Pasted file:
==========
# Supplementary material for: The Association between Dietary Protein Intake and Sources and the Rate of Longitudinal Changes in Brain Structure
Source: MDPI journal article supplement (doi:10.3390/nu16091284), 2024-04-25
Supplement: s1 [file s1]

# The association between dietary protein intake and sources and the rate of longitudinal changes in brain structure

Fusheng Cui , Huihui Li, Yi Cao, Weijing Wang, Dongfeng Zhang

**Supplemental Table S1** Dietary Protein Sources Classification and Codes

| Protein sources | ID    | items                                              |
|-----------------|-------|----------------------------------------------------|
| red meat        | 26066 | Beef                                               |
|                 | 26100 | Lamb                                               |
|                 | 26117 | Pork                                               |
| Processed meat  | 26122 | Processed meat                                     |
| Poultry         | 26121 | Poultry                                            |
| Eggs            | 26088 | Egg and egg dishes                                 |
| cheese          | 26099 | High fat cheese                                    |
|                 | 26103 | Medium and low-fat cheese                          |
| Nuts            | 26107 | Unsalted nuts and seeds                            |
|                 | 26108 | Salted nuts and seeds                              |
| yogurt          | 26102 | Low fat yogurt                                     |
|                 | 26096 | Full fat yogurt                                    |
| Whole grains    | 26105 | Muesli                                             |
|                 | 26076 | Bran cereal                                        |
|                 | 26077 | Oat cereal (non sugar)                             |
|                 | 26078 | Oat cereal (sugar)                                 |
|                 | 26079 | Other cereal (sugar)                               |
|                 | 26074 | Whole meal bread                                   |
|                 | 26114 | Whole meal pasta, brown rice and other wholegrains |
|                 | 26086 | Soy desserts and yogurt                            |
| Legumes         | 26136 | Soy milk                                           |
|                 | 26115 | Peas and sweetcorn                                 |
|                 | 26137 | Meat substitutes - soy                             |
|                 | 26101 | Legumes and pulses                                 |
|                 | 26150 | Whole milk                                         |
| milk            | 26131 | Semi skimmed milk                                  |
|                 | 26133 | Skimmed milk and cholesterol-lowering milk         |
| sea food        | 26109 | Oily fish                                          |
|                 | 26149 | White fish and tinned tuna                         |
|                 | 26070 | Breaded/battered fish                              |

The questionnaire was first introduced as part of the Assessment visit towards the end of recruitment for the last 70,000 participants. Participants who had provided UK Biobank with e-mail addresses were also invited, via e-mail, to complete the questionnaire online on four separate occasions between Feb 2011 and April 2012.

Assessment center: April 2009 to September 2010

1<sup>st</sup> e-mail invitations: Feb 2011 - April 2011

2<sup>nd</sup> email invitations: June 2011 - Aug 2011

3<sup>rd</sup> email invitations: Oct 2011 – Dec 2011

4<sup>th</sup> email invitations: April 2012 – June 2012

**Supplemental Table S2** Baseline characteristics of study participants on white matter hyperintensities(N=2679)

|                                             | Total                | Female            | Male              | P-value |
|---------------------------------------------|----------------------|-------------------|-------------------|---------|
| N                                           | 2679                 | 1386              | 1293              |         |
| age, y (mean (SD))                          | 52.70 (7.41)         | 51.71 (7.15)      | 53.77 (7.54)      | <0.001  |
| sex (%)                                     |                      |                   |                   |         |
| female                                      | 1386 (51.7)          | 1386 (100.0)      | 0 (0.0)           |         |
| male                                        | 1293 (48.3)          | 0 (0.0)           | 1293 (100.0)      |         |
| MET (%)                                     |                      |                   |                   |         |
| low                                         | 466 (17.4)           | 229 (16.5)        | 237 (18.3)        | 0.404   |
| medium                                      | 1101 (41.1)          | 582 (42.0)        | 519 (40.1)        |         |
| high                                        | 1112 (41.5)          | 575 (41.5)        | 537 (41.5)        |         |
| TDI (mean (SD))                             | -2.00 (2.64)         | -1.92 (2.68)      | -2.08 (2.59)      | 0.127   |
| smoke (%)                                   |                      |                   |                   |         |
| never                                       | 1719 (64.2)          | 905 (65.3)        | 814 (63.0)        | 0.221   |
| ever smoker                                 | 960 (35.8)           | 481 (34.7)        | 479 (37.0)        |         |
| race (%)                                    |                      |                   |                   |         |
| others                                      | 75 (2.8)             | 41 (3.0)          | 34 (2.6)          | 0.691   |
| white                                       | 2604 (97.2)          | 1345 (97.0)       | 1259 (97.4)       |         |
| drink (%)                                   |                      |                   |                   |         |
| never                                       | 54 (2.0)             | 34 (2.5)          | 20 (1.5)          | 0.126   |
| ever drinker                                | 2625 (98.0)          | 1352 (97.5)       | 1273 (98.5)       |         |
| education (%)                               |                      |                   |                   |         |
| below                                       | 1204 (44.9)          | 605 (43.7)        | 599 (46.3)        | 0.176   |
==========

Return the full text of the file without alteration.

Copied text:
# Supplementary material for: The Association between Dietary Protein Intake and Sources and the Rate of Longitudinal Changes in Brain Structure
Source: MDPI journal article supplement (doi:10.3390/nu16091284), 2024-04-25
Supplement: s1 [file s1]

# The association between dietary protein intake and sources and the rate of longitudinal changes in brain structure

Fusheng Cui , Huihui Li, Yi Cao, Weijing Wang, Dongfeng Zhang

**Supplemental Table S1** Dietary Protein Sources Classification and Codes

| Protein sources | ID    | items                                              |
|-----------------|-------|----------------------------------------------------|
| red meat        | 26066 | Beef                                               |
|                 | 26100 | Lamb                                               |
|                 | 26117 | Pork                                               |
| Processed meat  | 26122 | Processed meat                                     |
| Poultry         | 26121 | Poultry                                            |
| Eggs            | 26088 | Egg and egg dishes                                 |
| cheese          | 26099 | High fat cheese                                    |
|                 | 26103 | Medium and low-fat cheese                          |
| Nuts            | 26107 | Unsalted nuts and seeds                            |
|                 | 26108 | Salted nuts and seeds                              |
| yogurt          | 26102 | Low fat yogurt                                     |
|                 | 26096 | Full fat yogurt                                    |
| Whole grains    | 26105 | Muesli                                             |
|                 | 26076 | Bran cereal                                        |
|                 | 26077 | Oat cereal (non sugar)                             |
|                 | 26078 | Oat cereal (sugar)                                 |
|                 | 26079 | Other cereal (sugar)                               |
|                 | 26074 | Whole meal bread                                   |
|                 | 26114 | Whole meal pasta, brown rice and other wholegrains |
|                 | 26086 | Soy desserts and yogurt                            |
| Legumes         | 26136 | Soy milk                                           |
|                 | 26115 | Peas and sweetcorn                                 |
|                 | 26137 | Meat substitutes - soy                             |
|                 | 26101 | Legumes and pulses                                 |
|                 | 26150 | Whole milk                                         |
| milk            | 26131 | Semi skimmed milk                                  |
|                 | 26133 | Skimmed milk and cholesterol-lowering milk         |
| sea food        | 26109 | Oily fish                                          |
|                 | 26149 | White fish and tinned tuna                         |
|                 | 26070 | Breaded/battered fish                              |

The questionnaire was first introduced as part of the Assessment visit towards the end of recruitment for the last 70,000 participants. Participants who had provided UK Biobank with e-mail addresses were also invited, via e-mail, to complete the questionnaire online on four separate occasions between Feb 2011 and April 2012.

Assessment center: April 2009 to September 2010

1<sup>st</sup> e-mail invitations: Feb 2011 - April 2011

2<sup>nd</sup> email invitations: June 2011 - Aug 2011

3<sup>rd</sup> email invitations: Oct 2011 – Dec 2011

4<sup>th</sup> email invitations: April 2012 – June 2012

**Supplemental Table S2** Baseline characteristics of study participants on white matter hyperintensities(N=2679)

|                                             | Total                | Female            | Male              | P-value |
|---------------------------------------------|----------------------|-------------------|-------------------|---------|
| N                                           | 2679                 | 1386              | 1293              |         |
| age, y (mean (SD))                          | 52.70 (7.41)         | 51.71 (7.15)      | 53.77 (7.54)      | <0.001  |
| sex (%)                                     |                      |                   |                   |         |
| female                                      | 1386 (51.7)          | 1386 (100.0)      | 0 (0.0)           |         |
| male                                        | 1293 (48.3)          | 0 (0.0)           | 1293 (100.0)      |         |
| MET (%)                                     |                      |                   |                   |         |
| low                                         | 466 (17.4)           | 229 (16.5)        | 237 (18.3)        | 0.404   |
| medium                                      | 1101 (41.1)          | 582 (42.0)        | 519 (40.1)        |         |
| high                                        | 1112 (41.5)          | 575 (41.5)        | 537 (41.5)        |         |
| TDI (mean (SD))                             | -2.00 (2.64)         | -1.92 (2.68)      | -2.08 (2.59)      | 0.127   |
| smoke (%)                                   |                      |                   |                   |         |
| never                                       | 1719 (64.2)          | 905 (65.3)        | 814 (63.0)        | 0.221   |
| ever smoker                                 | 960 (35.8)           | 481 (34.7)        | 479 (37.0)        |         |
| race (%)                                    |                      |                   |                   |         |
| others                                      | 75 (2.8)             | 41 (3.0)          | 34 (2.6)          | 0.691   |
| white                                       | 2604 (97.2)          | 1345 (97.0)       | 1259 (97.4)       |         |
| drink (%)                                   |                      |                   |                   |         |
| never                                       | 54 (2.0)             | 34 (2.5)          | 20 (1.5)          | 0.126   |
| ever drinker                                | 2625 (98.0)          | 1352 (97.5)       | 1273 (98.5)       |         |
| education (%)                               |                      |                   |                   |         |
| below                                       | 1204 (44.9)          | 605 (43.7)        | 599 (46.3)        | 0.176   |